Fr. Nikodhim – St. George Cathedral is, as you quote Fr. Arthur in saying, a “spiritual hill”. It has long been a beacon whose light shines far beyond Boston or even America. And following upon a legacy of service more than five decades deep cannot help but be a challenge for its next pastor. In what is undeniably an uncomfortable moment of need and transition, His Beatitude, Metropolitan Tikhon, the locum tenens (interim hierarch) of this diocese is exercising a great deal of care. Certainly it is tempting to try to find someone with bright charisma and the dynamism for which Fr. Arthur is not just remembered but beloved. Certainly there are needs for this next incumbent to know and esteem the history of Boston’s place in Boston and Albania. Certainly fluencies of language and culture and memory are also needed. Yet exceeding all these things and binding them into purpose is love for the people who call the Cathedral home. For his skill, for his memory, for his manifold accomplishments on behalf of Albanians both Orthodox and non-Orthodox, Fr. Arthur is well known, but it is because of his unreserved love for us that we have followed him. Only by this same virtue will a true successor be known. And we are praying that a true successor will be known soon. As you state, now is a moment of transition, yet not for our clergy alone, but for us all. In this time, it is my conviction that we will be best served not by fleeing from a pain that is real, this pain of change and loss, but by choosing not to be mastered by this. Birthed amid chaos and oppression, this diocese has yet offered its clarion voice generation by generation, unyielding to convenience, unmuted in its call to all for justice, peace, and love.
5 – In November of 1969, Vatra’s commemoration of Dielli’s 60th anniversary saw thousands of Albanians and clergy representatives of three main religions gather at Saint Patrick Cathedral in New York city, with his Eminence Terence Cardinal Cooke as the guest of honor joined by the church leaders, ministers, parishioners and Arberesh faithfuls of the Byzantine ritual who had traveled from Italy. It is well documented as a moment of pride and gratification for Vatra and the community. To this day, the rotation of presiding over prayers and invocations by Catholic, Orthodox, Muslim or Bektashi clergy at various functions and festivities might be a reminiscent of that time. What are your thoughts on religious unity?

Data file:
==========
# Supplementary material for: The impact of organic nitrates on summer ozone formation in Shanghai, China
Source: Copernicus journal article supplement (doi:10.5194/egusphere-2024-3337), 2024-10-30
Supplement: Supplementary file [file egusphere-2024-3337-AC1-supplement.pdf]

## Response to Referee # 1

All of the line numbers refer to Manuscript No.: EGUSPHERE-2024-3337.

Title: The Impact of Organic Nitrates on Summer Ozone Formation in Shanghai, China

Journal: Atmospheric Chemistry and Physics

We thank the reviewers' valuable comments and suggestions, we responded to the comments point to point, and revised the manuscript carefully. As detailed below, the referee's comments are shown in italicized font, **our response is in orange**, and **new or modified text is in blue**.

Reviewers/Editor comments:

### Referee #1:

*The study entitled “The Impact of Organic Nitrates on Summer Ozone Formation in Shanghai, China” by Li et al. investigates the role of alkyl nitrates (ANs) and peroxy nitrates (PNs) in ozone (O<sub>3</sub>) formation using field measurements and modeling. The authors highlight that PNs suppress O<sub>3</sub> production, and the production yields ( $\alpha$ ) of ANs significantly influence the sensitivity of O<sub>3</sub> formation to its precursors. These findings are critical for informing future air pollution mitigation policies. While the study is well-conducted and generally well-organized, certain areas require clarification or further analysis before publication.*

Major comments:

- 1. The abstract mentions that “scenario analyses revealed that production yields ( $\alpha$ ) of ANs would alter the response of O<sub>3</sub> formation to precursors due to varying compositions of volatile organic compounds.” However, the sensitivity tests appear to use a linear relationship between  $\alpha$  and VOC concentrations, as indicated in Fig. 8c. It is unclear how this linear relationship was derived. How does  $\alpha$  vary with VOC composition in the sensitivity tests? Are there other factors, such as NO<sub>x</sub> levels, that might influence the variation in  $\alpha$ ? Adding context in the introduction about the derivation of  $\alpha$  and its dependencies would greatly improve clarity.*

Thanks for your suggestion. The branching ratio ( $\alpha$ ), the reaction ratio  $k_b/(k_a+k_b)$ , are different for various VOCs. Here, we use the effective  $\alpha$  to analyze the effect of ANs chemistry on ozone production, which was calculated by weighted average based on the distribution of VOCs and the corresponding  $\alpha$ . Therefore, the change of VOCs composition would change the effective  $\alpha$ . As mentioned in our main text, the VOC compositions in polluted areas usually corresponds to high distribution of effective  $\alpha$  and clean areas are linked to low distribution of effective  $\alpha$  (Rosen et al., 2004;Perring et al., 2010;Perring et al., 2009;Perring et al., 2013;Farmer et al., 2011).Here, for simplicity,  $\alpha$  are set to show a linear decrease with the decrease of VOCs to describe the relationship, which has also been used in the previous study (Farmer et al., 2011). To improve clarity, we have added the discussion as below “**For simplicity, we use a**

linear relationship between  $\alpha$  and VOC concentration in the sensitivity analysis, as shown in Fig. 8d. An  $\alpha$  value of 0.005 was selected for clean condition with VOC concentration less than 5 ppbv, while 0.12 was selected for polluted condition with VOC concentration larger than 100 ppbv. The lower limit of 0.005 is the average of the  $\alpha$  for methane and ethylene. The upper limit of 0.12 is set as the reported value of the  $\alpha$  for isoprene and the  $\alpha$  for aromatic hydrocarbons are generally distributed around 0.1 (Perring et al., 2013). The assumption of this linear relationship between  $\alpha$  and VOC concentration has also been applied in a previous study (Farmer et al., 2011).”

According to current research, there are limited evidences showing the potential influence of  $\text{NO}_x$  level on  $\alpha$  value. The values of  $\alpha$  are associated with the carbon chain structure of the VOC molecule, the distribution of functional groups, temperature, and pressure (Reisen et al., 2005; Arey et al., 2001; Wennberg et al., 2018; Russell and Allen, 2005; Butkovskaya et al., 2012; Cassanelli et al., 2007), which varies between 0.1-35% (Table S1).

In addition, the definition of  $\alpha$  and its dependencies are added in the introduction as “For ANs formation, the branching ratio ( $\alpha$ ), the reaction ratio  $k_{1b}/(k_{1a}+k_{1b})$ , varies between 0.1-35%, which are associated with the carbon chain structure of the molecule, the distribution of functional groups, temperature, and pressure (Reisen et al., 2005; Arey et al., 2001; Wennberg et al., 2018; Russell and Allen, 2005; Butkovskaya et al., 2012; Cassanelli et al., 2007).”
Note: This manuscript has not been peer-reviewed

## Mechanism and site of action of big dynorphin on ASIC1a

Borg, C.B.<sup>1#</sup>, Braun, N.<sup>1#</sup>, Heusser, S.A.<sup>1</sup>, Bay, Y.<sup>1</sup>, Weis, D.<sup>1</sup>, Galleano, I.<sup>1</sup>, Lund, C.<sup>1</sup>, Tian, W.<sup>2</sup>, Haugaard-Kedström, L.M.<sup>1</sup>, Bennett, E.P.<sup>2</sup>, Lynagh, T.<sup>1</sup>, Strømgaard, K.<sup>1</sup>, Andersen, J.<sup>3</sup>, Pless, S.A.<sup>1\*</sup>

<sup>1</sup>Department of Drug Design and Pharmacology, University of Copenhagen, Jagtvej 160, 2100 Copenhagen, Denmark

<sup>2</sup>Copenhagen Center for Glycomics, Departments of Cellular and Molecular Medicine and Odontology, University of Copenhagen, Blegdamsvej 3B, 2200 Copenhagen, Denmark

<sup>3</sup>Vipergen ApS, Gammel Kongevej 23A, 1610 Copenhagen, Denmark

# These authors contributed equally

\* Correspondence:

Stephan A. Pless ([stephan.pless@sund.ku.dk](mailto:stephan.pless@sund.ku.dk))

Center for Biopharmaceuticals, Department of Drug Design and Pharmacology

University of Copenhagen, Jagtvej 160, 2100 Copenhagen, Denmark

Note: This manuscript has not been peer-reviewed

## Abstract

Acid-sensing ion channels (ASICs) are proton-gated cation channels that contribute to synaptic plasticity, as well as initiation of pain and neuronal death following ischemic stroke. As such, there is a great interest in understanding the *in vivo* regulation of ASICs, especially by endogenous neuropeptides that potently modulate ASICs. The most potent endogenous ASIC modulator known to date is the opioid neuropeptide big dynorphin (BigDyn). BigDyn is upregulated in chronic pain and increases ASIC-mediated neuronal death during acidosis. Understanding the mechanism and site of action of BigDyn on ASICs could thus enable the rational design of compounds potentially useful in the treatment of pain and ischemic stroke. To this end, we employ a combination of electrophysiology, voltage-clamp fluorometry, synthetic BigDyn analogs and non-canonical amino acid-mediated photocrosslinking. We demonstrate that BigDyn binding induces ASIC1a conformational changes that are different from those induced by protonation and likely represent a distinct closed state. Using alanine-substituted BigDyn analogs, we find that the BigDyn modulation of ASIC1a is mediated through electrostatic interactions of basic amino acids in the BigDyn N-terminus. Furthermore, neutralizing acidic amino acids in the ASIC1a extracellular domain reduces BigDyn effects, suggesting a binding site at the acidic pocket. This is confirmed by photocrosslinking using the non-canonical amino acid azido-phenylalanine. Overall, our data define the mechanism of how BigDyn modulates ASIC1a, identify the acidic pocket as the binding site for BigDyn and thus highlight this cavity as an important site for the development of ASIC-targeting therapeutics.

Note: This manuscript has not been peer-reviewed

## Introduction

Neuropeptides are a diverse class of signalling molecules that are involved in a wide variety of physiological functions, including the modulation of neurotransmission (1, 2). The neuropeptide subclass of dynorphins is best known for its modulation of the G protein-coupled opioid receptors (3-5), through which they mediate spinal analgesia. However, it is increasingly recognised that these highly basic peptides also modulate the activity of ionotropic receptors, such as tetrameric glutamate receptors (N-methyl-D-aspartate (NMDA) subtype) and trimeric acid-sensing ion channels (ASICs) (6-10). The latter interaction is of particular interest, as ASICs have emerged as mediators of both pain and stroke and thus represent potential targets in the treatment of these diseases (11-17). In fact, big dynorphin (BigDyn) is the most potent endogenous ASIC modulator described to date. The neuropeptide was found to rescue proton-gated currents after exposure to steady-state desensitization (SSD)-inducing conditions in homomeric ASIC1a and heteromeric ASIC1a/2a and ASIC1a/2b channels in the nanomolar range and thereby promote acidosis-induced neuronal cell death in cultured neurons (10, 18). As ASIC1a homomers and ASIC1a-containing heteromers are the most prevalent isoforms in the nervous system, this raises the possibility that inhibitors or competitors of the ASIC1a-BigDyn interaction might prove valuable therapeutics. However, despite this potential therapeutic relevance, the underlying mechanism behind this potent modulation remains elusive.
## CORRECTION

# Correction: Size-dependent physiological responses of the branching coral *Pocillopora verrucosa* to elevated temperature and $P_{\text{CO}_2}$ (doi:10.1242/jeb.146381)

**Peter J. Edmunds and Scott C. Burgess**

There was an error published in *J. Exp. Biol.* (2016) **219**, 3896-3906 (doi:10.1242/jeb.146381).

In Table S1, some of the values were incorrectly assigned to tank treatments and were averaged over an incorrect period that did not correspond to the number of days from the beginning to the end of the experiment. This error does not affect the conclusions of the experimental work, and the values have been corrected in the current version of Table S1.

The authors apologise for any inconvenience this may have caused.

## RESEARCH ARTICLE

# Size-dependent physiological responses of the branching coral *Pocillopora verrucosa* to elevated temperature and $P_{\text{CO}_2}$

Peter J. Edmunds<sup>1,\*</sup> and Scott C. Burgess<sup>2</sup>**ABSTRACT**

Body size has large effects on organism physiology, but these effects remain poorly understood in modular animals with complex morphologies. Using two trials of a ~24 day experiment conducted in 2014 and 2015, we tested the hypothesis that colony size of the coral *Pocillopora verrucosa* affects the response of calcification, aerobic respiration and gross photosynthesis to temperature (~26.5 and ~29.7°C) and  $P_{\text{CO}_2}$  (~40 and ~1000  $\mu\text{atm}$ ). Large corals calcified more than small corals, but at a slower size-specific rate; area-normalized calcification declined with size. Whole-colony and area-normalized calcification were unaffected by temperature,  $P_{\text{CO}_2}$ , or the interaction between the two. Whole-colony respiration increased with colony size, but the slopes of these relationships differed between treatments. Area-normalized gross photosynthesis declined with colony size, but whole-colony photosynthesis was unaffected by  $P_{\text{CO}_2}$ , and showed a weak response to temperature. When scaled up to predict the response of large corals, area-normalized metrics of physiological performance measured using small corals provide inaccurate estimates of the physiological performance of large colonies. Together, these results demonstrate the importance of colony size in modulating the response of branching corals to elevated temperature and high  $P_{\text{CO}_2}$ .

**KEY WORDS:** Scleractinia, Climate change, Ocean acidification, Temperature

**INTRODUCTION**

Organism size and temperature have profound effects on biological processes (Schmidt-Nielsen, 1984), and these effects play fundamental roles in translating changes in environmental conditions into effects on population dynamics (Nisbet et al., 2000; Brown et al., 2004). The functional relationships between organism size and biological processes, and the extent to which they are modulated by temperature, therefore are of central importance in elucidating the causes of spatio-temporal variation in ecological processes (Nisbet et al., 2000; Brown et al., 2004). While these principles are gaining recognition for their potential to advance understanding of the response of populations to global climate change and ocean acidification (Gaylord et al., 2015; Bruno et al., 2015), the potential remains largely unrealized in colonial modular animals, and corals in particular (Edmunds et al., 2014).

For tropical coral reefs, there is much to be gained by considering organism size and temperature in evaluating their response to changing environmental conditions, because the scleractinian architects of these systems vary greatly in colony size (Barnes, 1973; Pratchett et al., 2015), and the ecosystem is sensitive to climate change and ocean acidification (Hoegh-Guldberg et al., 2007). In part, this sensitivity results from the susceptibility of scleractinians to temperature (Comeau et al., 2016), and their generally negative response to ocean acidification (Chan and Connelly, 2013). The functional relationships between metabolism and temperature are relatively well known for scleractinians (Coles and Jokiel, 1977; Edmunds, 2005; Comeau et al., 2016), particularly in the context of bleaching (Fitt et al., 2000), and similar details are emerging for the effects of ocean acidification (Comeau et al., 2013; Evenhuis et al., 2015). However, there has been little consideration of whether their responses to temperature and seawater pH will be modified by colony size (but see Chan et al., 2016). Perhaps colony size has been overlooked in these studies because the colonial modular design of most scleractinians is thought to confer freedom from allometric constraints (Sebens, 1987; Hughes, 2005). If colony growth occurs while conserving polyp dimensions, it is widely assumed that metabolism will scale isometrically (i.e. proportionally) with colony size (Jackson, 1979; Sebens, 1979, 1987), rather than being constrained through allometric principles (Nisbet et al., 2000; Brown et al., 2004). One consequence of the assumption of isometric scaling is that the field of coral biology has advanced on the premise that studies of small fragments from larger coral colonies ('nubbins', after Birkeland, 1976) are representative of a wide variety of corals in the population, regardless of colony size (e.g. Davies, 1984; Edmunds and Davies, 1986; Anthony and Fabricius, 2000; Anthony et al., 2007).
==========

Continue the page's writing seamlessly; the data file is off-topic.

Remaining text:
Fr. Nikodhim – Citing the tremendous witness of our religious unity and diversity in years past, you have asked about invocations at meetings these days. I am proud—very proud—to be but one of those more recent voices offering prayers, and I am humbled each time I come forward to do this both by those great figures of faith who have informed and inspired our people in times past and by those others who do so now and with an eloquence I can but aspire to. To be honest, I do not know whether these invocations should rightly continue or what events or convocations are appropriate for their inclusion. This is something better left to the discretion of the leaders of Vatra and to those who have entrusted this leadership to them. For myself, I hope it will continue, and I hope it will continue to call forward all the richness we possess, faith by faith yet one in life. In truth, where else will we see pastor and hoxha, priest and imam, seated together as brothers? Conflict is too often the driving force soliciting solidarity. We are blessed to be united in advance, warmed and sustained by the knowledge that, if and when conflict does come, we will weather it together. So in short, yes, it is my hope that Vatra will continue to bring us all together, and by this continue to bear that great witness to our world of faiths and people at peace.